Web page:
EMC this week sued a Silicon Valley startup on charges it illegally hired away EMC workers to gain access to EMC trade secrets.
A Lawrence company that sells a gizmo for tuning drums says a guy who sells a smartphone app for tuning drums is violating its patent.
UPDATE: Service came back on shortly after 4 p.m.
Matt Robbins reports:
Verizon data conduit damaged last night at 800 Boylston. Major outage for downtown Boston
800 Boylston is the Prudential Center. One frustrated network administrator says the outage is going on 15+ hours:
Affecting hundreds of companies in Boston and Cambridge. Worst outage I've seen in 7 years of working in Kendall.
Good thing I still have 10,000 hours on AOL!
The Huntington News reports that among Northeastern's class offerings this year is "Health Innovation with Google Glass." Students are encouraged to wear the computerized glasses as a way to help come up with innovative apps related to healthcare.
Boston-based Scvngr, which sells a system that lets smartphone users pay for purchases, is suing an Illinois company before it can sue Svngr for patent infringement.
Scvngr, maker of the LevelUp payment system, accused eCharge Licensing, LLC of being nothing more than a patent troll trying to extort money from true innovators based on patents that should have been laid to rest years ago, in a lawsuit filed yesterday in US District Court in Boston.
PXT Payments, an Andover company that sells a mobile payment system called LoopedIn, is suing LinkedIn for the right to be left alone.
Over the past few months, Boston University has taken a somewhat leisurely approach to filing lawsuits over its patent on making a component of LEDs, suing Apple here, lobbing a lawsuit at Amazon there.
Yesterday, though, BU opened the floodgates, filing nine separate lawsuits in US District Court against Acer, BlackBerry, Canon, Dell, Fujifilm and some companies few people have heard of.
BU is trying to cash in on the 1997 patent, which lays out a process for making thin films of the sort used in LEDs, before it runs out.
The suits ask for an immediate halt of the allegedly offending products, all the profits from them, damages, penalities and, of course, lawyers' fees.
A particularly grumpy citizen complains about the people waiting outside the Apple Store this morning to buy the newest iPhone:
There is an encampment of over-privileged, unwashed, hipster morons sleeping outside 815 Boylston Street. Don't these people need a permit or something? Please evacuate these turds from our streets. Their pretentiousness is wafting all through the neighborhood.
Wicked Local Brookline alerts us of the latest menace to befall the paramecium-shaped town: An online room-reservation system called Airbnb that one North Brookline homeowner used to rent out a bunch of rooms in her $1.6-million house - without getting the required lodging-house license. Which nearby residents probably would have fought, because as one resident quoted by Wicked Local said:
The State House News Service reports Gov. Patrick has heard software types about how bad Massachusetts looks with a tax on such basic services as setting up Web sites. Now to see if he can get the legislature to repeal the tax - and make up the $161 million he says it would raise.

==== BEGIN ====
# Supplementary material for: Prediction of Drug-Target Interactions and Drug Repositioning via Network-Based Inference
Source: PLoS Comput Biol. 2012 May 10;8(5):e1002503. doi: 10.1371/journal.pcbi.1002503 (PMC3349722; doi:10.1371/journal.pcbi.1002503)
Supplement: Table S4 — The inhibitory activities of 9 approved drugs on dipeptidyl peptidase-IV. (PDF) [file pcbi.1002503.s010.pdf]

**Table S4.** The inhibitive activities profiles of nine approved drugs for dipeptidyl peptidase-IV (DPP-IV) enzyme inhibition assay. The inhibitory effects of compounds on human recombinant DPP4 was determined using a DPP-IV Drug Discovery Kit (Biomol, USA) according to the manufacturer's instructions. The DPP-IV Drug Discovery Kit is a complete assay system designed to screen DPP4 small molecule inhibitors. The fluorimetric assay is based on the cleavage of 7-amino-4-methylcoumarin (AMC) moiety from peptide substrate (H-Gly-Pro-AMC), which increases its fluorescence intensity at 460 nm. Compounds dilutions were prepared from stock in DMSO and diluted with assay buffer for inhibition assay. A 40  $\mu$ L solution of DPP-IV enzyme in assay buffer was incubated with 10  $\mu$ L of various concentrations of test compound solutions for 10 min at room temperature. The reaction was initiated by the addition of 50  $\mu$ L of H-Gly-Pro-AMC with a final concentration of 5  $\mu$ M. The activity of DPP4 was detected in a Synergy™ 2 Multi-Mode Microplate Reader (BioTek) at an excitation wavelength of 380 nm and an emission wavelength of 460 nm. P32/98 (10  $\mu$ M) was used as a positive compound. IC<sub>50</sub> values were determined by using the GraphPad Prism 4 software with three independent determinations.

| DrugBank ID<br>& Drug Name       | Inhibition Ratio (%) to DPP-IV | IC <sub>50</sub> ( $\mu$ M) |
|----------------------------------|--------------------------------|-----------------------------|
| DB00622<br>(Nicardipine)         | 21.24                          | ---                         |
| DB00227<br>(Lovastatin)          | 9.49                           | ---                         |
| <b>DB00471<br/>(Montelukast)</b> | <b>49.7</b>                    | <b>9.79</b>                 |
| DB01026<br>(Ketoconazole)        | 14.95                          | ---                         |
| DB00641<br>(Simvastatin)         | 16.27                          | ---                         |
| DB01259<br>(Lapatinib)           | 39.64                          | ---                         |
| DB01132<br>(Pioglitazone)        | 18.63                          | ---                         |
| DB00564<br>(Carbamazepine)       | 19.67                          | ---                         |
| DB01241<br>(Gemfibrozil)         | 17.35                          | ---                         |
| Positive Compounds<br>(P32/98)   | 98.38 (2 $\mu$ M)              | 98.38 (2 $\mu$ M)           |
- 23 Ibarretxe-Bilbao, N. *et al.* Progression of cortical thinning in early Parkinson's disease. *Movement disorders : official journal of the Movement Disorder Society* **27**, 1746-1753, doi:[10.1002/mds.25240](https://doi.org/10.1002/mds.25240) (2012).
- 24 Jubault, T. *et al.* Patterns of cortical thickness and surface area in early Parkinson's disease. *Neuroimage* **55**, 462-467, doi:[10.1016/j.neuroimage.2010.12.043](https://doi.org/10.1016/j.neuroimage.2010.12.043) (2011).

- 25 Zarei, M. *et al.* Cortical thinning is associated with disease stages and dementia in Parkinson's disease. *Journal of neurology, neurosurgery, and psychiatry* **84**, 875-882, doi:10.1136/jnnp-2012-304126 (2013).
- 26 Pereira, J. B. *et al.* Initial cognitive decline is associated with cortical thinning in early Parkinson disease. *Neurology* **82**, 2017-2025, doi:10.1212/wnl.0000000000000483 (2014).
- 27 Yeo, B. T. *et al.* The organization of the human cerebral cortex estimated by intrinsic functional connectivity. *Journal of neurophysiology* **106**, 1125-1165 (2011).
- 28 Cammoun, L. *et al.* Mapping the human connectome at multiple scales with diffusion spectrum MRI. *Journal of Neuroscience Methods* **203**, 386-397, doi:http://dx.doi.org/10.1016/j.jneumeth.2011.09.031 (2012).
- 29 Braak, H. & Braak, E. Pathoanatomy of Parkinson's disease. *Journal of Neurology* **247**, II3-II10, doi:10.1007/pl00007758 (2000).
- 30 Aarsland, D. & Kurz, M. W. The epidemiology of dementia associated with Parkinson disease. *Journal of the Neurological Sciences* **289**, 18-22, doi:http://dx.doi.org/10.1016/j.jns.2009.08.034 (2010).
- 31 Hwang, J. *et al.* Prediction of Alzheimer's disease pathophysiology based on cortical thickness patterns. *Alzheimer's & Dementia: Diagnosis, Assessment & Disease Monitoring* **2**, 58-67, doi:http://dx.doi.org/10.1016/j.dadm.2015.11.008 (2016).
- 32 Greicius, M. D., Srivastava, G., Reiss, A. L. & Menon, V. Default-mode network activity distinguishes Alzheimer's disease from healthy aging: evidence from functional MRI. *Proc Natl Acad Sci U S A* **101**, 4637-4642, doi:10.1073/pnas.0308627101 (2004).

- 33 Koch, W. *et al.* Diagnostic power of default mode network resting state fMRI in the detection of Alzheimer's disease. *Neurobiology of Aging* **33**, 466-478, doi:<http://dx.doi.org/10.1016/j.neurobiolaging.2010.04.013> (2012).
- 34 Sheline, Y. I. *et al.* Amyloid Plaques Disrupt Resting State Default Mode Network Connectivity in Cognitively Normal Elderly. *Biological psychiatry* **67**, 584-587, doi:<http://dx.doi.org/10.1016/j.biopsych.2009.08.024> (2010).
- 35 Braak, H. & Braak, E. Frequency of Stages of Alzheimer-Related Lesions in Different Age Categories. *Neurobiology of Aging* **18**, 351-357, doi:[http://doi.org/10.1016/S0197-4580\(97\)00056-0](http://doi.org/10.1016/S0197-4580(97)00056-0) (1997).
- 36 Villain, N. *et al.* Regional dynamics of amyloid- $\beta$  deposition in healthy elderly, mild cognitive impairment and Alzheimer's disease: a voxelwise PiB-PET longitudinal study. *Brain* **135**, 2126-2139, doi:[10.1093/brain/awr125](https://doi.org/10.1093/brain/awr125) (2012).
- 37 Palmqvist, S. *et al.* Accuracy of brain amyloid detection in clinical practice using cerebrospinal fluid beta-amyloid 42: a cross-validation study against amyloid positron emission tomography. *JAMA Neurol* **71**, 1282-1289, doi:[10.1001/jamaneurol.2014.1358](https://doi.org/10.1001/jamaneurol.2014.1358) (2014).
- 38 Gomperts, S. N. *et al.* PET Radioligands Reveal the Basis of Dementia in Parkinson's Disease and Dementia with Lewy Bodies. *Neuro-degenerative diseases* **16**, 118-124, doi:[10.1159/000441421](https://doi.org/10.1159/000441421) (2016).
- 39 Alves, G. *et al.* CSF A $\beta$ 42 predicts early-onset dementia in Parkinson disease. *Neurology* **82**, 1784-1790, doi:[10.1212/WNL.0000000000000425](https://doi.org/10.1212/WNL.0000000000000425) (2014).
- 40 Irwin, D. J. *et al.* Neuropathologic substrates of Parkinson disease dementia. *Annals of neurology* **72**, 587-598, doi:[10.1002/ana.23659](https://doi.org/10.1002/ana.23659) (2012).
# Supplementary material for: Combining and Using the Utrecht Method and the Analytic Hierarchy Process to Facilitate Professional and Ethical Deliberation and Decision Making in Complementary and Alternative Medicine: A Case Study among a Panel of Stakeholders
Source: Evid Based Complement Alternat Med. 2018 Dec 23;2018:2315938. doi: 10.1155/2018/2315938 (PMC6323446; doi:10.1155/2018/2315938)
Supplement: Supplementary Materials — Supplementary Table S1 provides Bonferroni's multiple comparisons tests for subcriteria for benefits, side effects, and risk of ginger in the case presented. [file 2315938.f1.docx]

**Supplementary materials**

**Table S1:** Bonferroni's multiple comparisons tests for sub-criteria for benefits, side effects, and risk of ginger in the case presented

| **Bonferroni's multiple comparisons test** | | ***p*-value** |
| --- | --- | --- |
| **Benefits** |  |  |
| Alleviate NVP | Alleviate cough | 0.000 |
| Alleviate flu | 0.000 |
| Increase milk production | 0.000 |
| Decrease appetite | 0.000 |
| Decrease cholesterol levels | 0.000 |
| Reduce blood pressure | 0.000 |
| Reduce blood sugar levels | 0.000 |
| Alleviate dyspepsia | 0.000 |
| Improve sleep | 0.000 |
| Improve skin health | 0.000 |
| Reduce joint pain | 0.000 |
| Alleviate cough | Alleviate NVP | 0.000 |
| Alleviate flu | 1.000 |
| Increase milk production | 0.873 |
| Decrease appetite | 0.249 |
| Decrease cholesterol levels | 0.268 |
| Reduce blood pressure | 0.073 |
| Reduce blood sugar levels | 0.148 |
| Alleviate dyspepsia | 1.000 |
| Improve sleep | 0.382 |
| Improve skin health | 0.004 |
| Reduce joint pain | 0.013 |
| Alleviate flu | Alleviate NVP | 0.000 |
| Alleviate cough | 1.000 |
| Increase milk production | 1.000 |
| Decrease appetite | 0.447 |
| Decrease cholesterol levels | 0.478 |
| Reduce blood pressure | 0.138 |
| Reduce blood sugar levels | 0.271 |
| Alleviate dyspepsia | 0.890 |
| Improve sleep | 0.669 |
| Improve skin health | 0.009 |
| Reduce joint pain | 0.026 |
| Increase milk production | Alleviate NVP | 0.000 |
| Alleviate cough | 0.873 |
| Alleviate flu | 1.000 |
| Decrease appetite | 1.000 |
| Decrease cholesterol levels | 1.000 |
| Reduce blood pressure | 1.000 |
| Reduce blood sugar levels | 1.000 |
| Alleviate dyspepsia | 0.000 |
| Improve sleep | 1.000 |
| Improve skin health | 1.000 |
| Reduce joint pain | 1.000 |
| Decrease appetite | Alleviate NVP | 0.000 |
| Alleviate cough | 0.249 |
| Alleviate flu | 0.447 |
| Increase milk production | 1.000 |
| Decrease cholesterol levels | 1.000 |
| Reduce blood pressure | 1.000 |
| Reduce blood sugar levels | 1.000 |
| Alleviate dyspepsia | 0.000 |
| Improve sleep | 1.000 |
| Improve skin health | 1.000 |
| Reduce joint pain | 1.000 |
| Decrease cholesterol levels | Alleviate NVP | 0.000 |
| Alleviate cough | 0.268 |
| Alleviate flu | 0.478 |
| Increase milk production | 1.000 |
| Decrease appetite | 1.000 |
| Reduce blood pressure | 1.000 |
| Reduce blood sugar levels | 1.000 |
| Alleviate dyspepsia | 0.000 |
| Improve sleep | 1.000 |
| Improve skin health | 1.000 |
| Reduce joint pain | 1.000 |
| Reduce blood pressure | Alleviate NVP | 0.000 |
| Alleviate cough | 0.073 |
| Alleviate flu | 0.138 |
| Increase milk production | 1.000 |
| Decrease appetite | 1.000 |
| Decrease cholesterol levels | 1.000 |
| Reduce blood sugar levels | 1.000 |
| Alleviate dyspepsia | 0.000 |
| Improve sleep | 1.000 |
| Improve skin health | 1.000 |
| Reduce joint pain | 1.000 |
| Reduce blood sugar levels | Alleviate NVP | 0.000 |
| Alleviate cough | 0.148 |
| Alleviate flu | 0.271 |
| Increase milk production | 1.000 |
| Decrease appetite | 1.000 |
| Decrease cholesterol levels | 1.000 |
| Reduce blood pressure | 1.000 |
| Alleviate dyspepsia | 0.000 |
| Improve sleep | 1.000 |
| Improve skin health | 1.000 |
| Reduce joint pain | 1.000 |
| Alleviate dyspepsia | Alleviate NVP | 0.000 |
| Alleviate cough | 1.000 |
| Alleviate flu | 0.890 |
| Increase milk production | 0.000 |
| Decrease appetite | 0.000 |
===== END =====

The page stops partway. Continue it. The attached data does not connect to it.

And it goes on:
Ed. conflict of interest note: I recently submitted my first invoice to a client for building a Web site that included the 6.25% tax, so obviously I'm not completely unbiased in the matter.
So, seems landlords have until tomorrow to register their apartments with the city (and pay $25 for each one). The city says, no probs, you can register them online, easy peasey, but the page on which landlords are supposed to do this has this warning:
Philip Greenspun wonders.
Some MIT students (natch) say they've figured out how to build the guts of CharlieCards into stylish rings, which would let anyone, even a superhero in green tights, ride the T without fumbling for their plastic card.
They've set up a Kickstarter to raise funds for mass production of the rings via 3D printing - which they say will let them sell rings in a variety of colors and even with circuitry shaped into particular four-letter words (such as "EMMA" and "YOLO").
In the 1990s, an MIT team experimented with large tubes with the air sucked out as a potential way to speed trains between here, there and everywhere. Last year, the BBC talked to now retired professor Ernst G. Frankel about the proposed "vactrains," which could cut travel from Boston to New York down to 40 minutes:
Xconomy reports on another Boston-based travel startup, this one called Wanderu, which is aiming to build a national system for bus companies to put their scheduled and booking systems online in a single interface. It's currently limited to the northeast, but $2.5 million in venture capital could help it expand nationwide.
On Sales Tax Free Saturday, Red Mass. Group provides a good roundup on growing opposition to the new tax on software services - under which everybody from giant corporations to individual Web designers are now supposed to collect a tax every time they install or customize software for a client (including the cost of customizing open-source software).
State Sen. William Browsnberger wrote one constituent:
The Supreme Judicial Court today upheld the validity of evidence obtained through tapped cell-phone convesations and text messages obtained under the state wiretapping law, written in 1968, before the advent of cell phones or widespread text messaging.
Two alleged coke dealers in Berkshire County had sued to bar the conversations as evidence against them, arguing that because state law doesn't refer to these newfangled ways of communicating, police would have needed to win warrants in federal court, where a federal law updated in 1986 to cover such things, applies.
Boston University yesterday sued two more companies for allegedly violating a 1997 patent it holds on a technique for building LEDs.